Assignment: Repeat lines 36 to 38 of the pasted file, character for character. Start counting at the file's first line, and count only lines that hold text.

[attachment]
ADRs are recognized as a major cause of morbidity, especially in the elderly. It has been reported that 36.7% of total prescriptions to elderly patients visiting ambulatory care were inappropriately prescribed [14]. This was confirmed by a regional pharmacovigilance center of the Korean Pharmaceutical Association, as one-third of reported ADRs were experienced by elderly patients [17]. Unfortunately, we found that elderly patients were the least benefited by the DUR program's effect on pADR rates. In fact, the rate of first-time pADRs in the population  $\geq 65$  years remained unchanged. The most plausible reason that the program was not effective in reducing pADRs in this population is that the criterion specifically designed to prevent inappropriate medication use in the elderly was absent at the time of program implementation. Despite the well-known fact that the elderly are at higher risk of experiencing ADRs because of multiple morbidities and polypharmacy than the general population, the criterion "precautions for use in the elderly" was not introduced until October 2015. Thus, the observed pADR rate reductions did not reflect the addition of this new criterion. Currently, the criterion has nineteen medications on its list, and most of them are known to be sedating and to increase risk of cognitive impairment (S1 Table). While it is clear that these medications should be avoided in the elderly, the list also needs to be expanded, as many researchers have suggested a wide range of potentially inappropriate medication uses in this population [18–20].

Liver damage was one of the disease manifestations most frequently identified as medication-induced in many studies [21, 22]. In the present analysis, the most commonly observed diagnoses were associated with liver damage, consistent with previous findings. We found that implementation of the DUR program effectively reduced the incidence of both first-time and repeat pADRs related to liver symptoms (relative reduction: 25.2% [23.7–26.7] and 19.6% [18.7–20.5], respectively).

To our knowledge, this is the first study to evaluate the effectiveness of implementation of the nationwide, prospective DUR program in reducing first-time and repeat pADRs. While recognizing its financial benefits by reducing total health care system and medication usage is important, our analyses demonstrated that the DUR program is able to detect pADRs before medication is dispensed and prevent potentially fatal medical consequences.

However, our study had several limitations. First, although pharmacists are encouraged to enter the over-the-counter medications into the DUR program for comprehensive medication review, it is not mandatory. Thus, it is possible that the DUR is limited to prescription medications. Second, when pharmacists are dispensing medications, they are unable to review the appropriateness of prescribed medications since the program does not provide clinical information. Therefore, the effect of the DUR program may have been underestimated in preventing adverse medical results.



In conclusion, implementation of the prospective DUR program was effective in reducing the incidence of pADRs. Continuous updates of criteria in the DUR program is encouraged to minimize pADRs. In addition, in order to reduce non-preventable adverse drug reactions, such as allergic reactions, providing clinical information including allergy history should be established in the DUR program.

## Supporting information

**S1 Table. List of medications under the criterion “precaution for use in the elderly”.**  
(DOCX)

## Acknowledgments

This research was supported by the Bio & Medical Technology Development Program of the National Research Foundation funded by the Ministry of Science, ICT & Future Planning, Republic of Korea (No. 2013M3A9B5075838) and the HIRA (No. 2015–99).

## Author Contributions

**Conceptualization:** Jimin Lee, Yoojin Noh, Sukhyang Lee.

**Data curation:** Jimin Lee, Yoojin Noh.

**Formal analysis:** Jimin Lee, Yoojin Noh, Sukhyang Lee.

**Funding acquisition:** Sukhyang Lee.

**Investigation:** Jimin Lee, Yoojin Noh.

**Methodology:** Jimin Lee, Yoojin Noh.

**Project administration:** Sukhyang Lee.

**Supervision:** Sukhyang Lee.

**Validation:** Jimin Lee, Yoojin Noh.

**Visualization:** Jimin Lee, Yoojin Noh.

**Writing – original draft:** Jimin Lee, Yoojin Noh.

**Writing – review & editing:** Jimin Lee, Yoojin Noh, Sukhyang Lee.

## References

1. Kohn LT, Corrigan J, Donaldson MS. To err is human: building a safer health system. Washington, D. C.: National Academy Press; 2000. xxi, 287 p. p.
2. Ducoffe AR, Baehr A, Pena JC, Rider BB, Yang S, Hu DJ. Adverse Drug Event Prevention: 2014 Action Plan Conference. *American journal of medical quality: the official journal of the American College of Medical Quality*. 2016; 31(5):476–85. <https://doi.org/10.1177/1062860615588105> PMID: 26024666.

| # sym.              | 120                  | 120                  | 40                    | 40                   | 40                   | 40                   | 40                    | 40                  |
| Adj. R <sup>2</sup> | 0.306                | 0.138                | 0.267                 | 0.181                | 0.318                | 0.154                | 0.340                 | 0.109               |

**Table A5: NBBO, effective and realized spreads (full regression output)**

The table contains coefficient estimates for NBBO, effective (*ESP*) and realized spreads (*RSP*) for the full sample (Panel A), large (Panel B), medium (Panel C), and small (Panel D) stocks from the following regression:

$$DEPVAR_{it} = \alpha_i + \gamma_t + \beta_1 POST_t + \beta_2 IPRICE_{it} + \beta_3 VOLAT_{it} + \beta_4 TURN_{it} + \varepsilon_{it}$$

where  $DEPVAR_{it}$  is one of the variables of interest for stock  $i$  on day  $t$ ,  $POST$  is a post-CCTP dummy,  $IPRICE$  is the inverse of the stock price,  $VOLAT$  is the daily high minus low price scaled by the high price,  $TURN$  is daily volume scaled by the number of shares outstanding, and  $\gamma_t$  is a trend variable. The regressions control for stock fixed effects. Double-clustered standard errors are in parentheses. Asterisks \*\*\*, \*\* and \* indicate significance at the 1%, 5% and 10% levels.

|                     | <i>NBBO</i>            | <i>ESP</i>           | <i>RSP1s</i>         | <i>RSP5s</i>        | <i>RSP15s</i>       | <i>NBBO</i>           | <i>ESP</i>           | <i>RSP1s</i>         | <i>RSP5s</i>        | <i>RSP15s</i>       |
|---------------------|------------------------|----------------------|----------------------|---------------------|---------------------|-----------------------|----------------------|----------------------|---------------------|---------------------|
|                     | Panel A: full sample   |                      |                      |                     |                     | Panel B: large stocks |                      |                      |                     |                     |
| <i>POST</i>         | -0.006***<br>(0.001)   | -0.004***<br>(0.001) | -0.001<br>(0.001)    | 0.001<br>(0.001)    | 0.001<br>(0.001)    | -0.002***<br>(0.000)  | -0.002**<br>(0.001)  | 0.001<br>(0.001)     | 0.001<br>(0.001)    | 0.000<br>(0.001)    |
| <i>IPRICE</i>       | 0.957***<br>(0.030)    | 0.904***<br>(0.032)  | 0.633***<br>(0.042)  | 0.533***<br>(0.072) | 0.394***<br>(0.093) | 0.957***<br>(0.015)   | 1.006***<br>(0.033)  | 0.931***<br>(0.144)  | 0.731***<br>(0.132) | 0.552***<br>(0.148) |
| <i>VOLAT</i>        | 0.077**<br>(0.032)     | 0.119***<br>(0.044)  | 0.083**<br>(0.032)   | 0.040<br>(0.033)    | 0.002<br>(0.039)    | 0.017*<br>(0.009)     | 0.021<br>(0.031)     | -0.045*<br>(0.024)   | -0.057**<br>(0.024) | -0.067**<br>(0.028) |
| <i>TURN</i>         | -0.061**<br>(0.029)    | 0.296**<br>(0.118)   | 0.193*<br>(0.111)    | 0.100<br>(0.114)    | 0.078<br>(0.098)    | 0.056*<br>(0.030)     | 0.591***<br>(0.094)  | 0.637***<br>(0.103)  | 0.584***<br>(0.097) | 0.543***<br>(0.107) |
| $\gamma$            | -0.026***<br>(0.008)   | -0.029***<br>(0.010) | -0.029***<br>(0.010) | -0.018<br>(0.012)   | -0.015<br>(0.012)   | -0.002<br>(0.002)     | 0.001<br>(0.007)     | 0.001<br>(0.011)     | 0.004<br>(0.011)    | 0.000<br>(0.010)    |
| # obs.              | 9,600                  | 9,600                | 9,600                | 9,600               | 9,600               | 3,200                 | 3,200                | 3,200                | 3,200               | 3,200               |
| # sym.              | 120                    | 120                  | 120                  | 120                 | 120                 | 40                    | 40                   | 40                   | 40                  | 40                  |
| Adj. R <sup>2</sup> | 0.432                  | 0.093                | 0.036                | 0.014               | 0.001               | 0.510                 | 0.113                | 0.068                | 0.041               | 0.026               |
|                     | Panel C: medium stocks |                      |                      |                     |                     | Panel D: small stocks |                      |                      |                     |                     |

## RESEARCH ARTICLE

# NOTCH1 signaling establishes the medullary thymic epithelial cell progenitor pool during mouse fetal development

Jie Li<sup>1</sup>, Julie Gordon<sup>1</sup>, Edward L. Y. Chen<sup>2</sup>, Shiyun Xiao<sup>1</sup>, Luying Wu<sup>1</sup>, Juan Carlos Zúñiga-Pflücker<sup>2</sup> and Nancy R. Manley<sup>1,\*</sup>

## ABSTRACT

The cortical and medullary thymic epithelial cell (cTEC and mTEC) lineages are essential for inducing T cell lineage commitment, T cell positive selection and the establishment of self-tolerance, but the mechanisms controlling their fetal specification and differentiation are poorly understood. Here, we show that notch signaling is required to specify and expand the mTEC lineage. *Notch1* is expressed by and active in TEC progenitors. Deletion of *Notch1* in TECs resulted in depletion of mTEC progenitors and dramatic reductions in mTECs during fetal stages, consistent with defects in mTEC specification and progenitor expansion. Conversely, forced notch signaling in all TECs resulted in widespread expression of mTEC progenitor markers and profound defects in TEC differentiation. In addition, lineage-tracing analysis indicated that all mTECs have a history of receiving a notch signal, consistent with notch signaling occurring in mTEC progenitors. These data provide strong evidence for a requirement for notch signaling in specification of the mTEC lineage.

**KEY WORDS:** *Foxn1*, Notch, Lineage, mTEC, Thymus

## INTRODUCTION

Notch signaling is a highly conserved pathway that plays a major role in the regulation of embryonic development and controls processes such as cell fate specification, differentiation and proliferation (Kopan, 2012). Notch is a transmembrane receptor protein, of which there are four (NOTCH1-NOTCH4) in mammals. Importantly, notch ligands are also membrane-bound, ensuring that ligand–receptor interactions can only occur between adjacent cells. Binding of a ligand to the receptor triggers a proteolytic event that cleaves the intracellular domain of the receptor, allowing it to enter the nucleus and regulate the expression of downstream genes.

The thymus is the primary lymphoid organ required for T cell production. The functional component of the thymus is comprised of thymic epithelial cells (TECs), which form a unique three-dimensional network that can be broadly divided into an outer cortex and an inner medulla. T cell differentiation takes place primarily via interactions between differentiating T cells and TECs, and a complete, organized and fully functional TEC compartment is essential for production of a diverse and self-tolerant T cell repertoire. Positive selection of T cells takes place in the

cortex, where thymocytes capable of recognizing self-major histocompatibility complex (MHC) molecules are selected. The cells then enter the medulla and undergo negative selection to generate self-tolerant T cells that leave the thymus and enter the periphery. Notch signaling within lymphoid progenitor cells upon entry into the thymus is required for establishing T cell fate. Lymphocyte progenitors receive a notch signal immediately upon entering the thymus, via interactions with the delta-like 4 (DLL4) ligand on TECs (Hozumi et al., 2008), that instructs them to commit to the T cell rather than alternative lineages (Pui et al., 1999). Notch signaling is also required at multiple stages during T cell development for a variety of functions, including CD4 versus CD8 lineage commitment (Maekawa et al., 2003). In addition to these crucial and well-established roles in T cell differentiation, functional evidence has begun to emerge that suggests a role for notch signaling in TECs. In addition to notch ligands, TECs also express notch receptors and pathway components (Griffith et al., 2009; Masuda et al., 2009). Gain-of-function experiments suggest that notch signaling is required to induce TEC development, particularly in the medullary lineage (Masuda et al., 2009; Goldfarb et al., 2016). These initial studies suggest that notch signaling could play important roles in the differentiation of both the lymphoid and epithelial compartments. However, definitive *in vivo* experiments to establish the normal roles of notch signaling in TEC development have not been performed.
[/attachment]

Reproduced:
| <i>POST</i>         | -0.006***<br>(0.001)   | -0.004***<br>(0.001) | -0.001<br>(0.001)    | 0.001<br>(0.001)    | 0.001<br>(0.001)    | -0.002***<br>(0.000)  | -0.002**<br>(0.001)  | 0.001<br>(0.001)     | 0.001<br>(0.001)    | 0.000<br>(0.001)    |
| <i>IPRICE</i>       | 0.957***<br>(0.030)    | 0.904***<br>(0.032)  | 0.633***<br>(0.042)  | 0.533***<br>(0.072) | 0.394***<br>(0.093) | 0.957***<br>(0.015)   | 1.006***<br>(0.033)  | 0.931***<br>(0.144)  | 0.731***<br>(0.132) | 0.552***<br>(0.148) |
| <i>VOLAT</i>        | 0.077**<br>(0.032)     | 0.119***<br>(0.044)  | 0.083**<br>(0.032)   | 0.040<br>(0.033)    | 0.002<br>(0.039)    | 0.017*<br>(0.009)     | 0.021<br>(0.031)     | -0.045*<br>(0.024)   | -0.057**<br>(0.024) | -0.067**<br>(0.028) |